Father Renaurd West ordained to the priesthood
CHARLESTON—Newly ordained Father Renaurd West said that even though he is in awe of his new role as a priest, he also feels right at home.
Father West was ordained to the priesthood by Bishop Robert E. Guglielmone at the Cathedral of St. John the Baptist on June 7.
“It’s still pretty surreal to me,” he said. “I sort of think to myself during moments of quiet ‘Wow, I’m a priest!’ It feels pretty amazing but it also feels pretty natural because I’ve believed for a long time that this is what God called me to do.”
Forty-two priests vested for the ceremony, which was also attended by several of his former classmates from Mount St. Mary’s Seminary in Emmittsburg, Md.
The ordination drew a large crowd of well-wishers, with many people standing in the back of the Cathedral. Groups came from around the state to offer support, including Scout troops from St. Mary Help of Christians in Aiken, and the confirmation class from St. Andrew Church in Clemson.
Bishop Guglielmone said it was especially appropriate that Father West was receiving the sacrament on the Feast of the Sacred Heart, which also falls on June 7.
“This is a beautiful feast on which to celebrate an ordination, because it is a celebration of the immense love of Christ for us all,” he said. “He is the Christ whose heart bleeds for us, the one who came to serve and never to be served, the one willing to die for us even though we remain in sin. As a priest, you are called to act in the person of Christ.”
Bishop Guglielmone told Father West to commit himself to the people he is called to serve, to be compassionate, caring and to most of all show love to all. He also called on him to imitate Pope Francis in living a simple life of service and outreach to the poor.
“We thank you for saying yes to the call that I’m sure has been nurtured in your heart for a long time,” the bishop said.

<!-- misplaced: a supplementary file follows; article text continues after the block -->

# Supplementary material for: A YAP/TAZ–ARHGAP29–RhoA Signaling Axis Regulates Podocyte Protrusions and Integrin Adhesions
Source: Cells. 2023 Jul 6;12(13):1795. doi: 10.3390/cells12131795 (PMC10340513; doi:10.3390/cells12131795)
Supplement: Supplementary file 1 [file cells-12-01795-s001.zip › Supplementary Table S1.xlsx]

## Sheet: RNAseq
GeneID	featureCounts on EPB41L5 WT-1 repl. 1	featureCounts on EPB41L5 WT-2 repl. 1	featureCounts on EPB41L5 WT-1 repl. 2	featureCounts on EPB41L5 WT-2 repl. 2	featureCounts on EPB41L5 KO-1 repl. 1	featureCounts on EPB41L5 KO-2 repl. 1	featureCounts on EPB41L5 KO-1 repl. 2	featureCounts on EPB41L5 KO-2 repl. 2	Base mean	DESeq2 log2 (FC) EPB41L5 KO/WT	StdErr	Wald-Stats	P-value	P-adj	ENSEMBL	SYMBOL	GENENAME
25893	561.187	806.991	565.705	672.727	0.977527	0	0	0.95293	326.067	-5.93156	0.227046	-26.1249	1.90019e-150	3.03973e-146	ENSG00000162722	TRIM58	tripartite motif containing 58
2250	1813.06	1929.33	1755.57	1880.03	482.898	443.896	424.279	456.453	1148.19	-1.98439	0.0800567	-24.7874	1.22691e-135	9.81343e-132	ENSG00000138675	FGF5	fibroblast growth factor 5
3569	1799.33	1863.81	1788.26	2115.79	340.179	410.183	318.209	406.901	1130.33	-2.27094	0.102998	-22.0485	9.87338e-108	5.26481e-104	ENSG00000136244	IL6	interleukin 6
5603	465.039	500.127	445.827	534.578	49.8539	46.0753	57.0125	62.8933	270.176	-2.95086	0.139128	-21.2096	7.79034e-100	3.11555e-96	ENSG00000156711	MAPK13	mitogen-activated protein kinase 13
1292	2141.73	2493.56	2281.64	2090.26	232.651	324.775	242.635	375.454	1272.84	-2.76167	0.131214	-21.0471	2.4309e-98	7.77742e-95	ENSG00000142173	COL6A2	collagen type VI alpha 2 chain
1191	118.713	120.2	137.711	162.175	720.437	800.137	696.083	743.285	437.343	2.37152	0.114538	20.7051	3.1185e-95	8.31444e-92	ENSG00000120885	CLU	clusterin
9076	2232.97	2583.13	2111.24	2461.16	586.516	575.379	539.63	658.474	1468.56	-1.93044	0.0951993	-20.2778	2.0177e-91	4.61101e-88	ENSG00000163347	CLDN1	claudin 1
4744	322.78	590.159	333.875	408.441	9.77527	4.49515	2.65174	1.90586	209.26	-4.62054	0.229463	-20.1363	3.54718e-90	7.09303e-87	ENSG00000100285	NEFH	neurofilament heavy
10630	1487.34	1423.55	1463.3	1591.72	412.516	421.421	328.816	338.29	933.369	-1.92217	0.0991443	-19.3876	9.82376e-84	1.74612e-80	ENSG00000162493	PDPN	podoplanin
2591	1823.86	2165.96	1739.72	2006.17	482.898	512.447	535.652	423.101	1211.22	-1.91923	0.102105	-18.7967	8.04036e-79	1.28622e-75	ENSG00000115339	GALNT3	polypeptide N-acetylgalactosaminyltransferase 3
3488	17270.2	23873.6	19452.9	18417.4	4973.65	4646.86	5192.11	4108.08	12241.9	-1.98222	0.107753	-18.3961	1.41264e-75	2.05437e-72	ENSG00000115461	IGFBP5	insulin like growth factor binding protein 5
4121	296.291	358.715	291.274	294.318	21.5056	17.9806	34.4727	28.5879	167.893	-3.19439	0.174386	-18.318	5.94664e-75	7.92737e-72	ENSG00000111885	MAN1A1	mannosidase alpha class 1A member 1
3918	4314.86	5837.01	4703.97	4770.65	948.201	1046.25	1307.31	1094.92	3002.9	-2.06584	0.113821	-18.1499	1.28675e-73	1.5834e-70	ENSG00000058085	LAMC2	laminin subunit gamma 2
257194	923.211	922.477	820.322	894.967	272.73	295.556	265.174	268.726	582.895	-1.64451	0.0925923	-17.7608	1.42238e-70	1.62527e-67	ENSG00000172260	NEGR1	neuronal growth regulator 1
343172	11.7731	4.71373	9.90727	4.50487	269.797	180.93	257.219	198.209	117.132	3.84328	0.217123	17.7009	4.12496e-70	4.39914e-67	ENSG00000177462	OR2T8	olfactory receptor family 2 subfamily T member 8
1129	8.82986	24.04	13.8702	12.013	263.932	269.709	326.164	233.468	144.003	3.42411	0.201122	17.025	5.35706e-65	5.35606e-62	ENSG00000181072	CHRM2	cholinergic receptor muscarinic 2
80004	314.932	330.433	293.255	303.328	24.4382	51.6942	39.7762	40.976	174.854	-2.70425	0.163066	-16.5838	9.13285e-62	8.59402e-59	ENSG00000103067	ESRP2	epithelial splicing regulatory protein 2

After the ceremony, Father West’s parents said the day was a dream come true for their son.
“I think it’s fantastic, it’s an answer to a long held prayer and a blessing for all of us,” said his father, James Renaurd West Sr. “I was in awe during the ordination. I felt proud and I felt blessed.”
“It’s really hard to believe because he has wanted this for so long,” said his mother June West. “All I ever wanted was for him to be happy, and he knows this is where he was supposed to be.”
Several other members of the new priest’s family attended, including his grandmother, Etta Webster, who traveled from Capitol Heights, Md. Webster said she was determined to attend the ordination even though she has had some health problems.
Father West did not grow up Catholic and attended several different churches as a child. His mother said he was first drawn to the Church while attending high school in Spartanburg, where his Catholic history teacher showed him a traditional Roman missal.
The missal was in Latin, she said, and her son could read most of it because he had started studying the language while still in middle school.
That simple introduction to the Missal started him on his journey of faith. Father West, 28, became a Catholic in 2001 and soon discovered he had a call to the priesthood.
He showed his love for Latin during the reception afterward, when he offered blessings in the ancient language to people who stood in a long line that wound around the parish hall.
“I would not have let any sickness let me miss this,” she said. “It was the most wonderful thing I have ever experienced.”
Looking back, she said her grand- son showed signs all his life that he would be good in the role of spreading the Gospel.
“He has been very helpful all his life,” she said. “His entire personality will make him a good priest, especially his willingness to listen.”
Father West celebrated his first Mass in the Extraordinary Form at Stella Maris Church on Sullivan’s Island on June 8. The next day, he crossed the state to celebrate Mass in the Ordinary Form at St. Mary Church in Greenville.
His first assignment will be as parochial vicar at St. Gregory the Great Church in Bluffton.
Photos by Douglas Deas for The Miscellany